Thursday, June 23, 2011

Have you met this Rickshawallah?

I have a theory. Rickshawallahs are like potatoes. You can find them everywhere, at every hour and each city has practically its own version. Hop in.

Pratima H

They all have whacky tyre-curtains. They all still continue being loyal customers for Bollywood illustrations. Whether it’s Jimmy aka Mithun’s peeping at you from the bumper thingamajig or Salman’s bully look freezing you in your tracks, it doesn’t matter.

If you are inside a rickshaw, you will see why this genre does not need any social network to follow someone and stamp one’s loyalty. If he espouses a celebrity, it’s there on the seat, behind the seat, around the seat, on the rear-view mirror, everywhere. In fact, the interiors of a rickshaw are the only place (except a serendipitious encounter at some barber shop of course) where you get to randomly bump into a Madhubala poster or a Sridevi smiling in a Urvashi attire.

They all feel at home inside their rickshaw.

They all have a funny hand-pole as a kickstarting contraption.

And they all have some God’s idol or picture at the very centre of their lives, their rickshaw.
But, pause before you paint them with the same brush. Because, every Rickshawallah is a crayon box to explore. In their world, there is no Xerox machine.

Some sing, some spit, some argue, some plead, some fleece your wallet, some pay back the 25 paisa change, some help you as a free GPS and some come back driving one hour 15 minutes to return a bag you thought you had lost forever.

Let’s start with the edgy ones first.

I met this one in Pune. I was new to the city and though I had a bike I always preferred to take a rickshaw when I had to reach a new venue for a conference. There’s no navigation software better than this species who knows his city like the back of his hand, I had learnt.

I shouted the usual ‘Rickshaw?’ in a tone of authority and ten steps ahead, he pulled over.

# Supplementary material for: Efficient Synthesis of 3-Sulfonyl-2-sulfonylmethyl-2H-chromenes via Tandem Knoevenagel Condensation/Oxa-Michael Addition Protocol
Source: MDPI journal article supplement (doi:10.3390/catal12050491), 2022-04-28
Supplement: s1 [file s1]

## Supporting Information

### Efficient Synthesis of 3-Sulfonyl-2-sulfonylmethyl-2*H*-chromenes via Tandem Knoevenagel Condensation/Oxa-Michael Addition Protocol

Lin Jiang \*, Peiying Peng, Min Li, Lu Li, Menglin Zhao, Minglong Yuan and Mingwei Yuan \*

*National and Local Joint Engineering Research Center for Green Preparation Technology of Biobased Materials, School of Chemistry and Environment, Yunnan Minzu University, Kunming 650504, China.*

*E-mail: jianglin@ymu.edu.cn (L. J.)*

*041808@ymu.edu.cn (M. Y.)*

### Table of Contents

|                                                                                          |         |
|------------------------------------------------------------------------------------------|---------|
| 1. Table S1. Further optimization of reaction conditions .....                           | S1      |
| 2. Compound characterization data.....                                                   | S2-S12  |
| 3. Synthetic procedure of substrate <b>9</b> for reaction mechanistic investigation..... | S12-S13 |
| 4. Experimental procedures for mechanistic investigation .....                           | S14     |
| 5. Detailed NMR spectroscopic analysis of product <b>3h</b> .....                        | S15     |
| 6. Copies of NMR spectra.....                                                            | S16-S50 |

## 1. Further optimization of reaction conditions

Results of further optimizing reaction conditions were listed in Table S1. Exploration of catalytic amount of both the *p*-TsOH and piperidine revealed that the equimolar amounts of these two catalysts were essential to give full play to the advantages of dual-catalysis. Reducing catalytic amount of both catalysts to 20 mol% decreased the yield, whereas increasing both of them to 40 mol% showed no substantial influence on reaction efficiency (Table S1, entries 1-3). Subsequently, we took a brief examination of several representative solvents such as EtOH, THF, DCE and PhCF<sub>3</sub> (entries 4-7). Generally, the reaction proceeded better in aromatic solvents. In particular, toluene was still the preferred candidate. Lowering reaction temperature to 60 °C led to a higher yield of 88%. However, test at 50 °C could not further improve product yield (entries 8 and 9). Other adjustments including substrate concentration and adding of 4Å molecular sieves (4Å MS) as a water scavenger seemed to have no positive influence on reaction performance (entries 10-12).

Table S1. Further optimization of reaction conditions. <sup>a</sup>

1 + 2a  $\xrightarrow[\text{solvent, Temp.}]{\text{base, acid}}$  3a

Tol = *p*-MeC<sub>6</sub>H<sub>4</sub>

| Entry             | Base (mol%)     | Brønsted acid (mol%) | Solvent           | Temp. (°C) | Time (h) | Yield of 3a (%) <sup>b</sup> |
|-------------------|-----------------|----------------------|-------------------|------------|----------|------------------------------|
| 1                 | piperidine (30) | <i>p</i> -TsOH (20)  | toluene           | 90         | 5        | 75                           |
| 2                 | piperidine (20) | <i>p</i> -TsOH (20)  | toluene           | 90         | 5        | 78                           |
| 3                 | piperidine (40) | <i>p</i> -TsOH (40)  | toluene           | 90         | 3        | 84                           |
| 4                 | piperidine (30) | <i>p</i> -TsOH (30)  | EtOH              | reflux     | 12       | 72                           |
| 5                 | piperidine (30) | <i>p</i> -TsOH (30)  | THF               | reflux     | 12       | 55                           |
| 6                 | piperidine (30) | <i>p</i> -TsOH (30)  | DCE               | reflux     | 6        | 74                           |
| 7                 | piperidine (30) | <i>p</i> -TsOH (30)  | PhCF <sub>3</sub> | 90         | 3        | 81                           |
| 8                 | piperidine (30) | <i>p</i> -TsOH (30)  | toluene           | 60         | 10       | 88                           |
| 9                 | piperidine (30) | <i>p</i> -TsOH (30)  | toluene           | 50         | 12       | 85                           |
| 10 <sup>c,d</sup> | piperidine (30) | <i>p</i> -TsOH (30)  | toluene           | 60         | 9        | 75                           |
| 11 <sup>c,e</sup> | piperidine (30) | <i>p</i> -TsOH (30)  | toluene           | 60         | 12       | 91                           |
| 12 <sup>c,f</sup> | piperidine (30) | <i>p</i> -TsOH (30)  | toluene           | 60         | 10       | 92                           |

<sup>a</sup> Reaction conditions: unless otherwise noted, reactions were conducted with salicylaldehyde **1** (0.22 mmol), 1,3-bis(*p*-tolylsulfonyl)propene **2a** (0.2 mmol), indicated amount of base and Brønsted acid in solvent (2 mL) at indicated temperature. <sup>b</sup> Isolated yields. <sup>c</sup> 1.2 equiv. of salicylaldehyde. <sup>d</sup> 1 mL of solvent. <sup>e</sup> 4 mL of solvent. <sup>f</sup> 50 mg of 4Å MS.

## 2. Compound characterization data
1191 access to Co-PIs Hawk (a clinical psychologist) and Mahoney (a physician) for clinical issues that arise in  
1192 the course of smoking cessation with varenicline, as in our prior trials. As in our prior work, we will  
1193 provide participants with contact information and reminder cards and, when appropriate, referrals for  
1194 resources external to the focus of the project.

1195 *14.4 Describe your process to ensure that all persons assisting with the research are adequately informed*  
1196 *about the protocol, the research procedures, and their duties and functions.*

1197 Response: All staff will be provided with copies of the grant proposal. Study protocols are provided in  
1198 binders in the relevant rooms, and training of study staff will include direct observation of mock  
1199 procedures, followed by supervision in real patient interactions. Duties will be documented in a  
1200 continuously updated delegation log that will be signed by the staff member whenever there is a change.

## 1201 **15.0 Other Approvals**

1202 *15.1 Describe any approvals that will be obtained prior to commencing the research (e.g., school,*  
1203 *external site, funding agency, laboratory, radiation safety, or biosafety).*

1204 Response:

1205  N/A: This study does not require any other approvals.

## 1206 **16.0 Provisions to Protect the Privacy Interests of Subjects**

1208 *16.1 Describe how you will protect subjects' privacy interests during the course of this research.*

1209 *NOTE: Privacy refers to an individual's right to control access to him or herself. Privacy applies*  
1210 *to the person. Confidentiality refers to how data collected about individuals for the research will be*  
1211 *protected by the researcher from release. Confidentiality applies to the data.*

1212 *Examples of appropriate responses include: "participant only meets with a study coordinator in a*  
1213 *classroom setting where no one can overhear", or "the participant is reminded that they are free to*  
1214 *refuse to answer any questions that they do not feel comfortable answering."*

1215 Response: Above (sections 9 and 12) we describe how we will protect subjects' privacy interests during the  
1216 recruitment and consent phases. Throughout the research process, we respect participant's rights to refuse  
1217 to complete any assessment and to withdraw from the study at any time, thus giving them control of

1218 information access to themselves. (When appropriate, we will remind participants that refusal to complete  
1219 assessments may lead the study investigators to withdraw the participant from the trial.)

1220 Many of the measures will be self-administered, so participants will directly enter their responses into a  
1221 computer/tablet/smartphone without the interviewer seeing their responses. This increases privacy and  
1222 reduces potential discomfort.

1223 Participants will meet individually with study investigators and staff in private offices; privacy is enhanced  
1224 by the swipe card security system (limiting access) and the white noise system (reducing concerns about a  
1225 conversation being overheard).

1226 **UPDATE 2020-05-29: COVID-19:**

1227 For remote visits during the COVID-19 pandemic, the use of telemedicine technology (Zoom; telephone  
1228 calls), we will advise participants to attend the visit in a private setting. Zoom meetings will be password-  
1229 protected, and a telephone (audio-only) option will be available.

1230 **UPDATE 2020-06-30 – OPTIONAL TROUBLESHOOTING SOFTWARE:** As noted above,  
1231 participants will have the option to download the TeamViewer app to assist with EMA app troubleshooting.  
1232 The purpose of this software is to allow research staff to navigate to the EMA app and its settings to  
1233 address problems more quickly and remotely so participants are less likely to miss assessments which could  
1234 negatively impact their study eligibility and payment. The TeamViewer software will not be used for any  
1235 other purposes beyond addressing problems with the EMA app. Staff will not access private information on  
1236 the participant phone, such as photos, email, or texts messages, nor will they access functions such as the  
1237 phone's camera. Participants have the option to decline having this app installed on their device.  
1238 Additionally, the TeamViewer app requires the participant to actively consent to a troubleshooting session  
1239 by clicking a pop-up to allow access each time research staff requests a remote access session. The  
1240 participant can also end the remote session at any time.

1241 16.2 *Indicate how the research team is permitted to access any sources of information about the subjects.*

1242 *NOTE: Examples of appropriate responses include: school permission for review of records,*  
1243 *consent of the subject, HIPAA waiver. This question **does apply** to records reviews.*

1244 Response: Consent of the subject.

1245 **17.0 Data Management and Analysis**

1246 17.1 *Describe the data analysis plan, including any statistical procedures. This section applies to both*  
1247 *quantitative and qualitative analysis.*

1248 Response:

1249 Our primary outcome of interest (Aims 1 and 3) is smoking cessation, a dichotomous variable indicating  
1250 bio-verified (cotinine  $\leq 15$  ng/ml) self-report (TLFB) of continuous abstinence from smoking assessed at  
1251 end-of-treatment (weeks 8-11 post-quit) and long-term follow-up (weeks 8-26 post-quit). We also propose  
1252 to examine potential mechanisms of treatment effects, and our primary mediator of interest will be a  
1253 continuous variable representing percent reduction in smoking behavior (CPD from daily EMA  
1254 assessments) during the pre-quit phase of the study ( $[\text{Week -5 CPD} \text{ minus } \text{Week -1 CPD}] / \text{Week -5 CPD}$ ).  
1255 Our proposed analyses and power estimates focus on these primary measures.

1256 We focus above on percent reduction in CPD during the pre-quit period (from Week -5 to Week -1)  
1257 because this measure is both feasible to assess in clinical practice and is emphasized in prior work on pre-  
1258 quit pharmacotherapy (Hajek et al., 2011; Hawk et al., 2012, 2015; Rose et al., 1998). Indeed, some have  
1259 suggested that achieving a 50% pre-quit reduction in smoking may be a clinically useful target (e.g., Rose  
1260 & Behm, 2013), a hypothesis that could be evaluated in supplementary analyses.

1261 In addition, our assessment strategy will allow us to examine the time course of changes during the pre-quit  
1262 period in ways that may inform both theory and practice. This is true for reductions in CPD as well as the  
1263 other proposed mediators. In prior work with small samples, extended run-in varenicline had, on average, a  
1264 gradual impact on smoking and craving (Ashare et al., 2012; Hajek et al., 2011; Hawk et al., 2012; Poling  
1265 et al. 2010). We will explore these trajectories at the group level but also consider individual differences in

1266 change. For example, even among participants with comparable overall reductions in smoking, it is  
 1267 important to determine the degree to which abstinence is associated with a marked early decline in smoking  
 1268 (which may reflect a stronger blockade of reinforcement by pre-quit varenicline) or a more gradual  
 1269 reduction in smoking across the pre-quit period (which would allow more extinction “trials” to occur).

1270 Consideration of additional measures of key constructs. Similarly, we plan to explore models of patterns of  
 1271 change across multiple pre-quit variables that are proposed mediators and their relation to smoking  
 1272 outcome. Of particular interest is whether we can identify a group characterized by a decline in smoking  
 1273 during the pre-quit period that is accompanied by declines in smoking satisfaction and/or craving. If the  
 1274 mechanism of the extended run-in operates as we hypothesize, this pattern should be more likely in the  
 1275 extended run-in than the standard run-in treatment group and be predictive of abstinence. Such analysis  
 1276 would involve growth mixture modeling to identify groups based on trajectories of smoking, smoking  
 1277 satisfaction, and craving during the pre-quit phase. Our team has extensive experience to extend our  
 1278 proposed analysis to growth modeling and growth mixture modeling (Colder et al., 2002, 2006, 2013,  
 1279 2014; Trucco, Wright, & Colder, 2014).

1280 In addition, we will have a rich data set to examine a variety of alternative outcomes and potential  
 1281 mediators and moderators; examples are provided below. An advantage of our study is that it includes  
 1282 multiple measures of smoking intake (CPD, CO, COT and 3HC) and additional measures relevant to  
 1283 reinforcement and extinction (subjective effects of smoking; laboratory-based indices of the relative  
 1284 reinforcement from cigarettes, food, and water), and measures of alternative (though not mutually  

I got in, apprised him of my pursuit and handed him the co-ordinates, throwing my head back in relief and started digging for my headphones.

But I guess Enrique had to wait that day.

Sonu (as I will name him here for now) chirruped with a Horlicks-charged torrent of questions.

After satisfying himself with his interrogation about ‘what I do’, ‘where am I from’, ‘what’s the meeting about’ to which I concocted fake answers and was hoping to get back to some music, he poured out his drawing-board models.

“Madam ji, I don’t want to be a Rickshawallah all my life. Do you think I can try Mumbai for modeling?”

I gave him a proper look. Yellow shades, Baazigar-Shahrukh hair-cut, funky-silver collared, come-to-battle-Govinda type of shirt and a skull-hanging bracelet. Before I could finish hemming-and-hawing, he chimed in again and told about his well-chalked-out vision.

“I have told Aai that I will save some of this money for my salon. She’s a good woman, I know. Father will disapprove as always insulting my intelligence and will yell every morning as usual. But I will start this salon you see. Even if I need to run away, I will make sure it happens. It will be different. New styles, new freebies, new music systems inside. One day I will be known as personal hair-stylist of Akshay, no matter what.”

I got curious and asked him how much formal education he had covered. Turned out he had dropped out pretty early, but hadn’t bunked the school of life for sure.

The anecdotes he kept telling, the plans he had been hatching, the way he described the city, he was certainly making quick notes everyday.

He knew all the youth-hang-outs, all the malls, all the IT parks, all the Crossword points, all the multiplexes. He could only enjoy it from outside but still hadn’t missed any new movie any Friday since 14. He had some very strong opinions about some latest songs and cursed one or two RJs for playing crap everyday.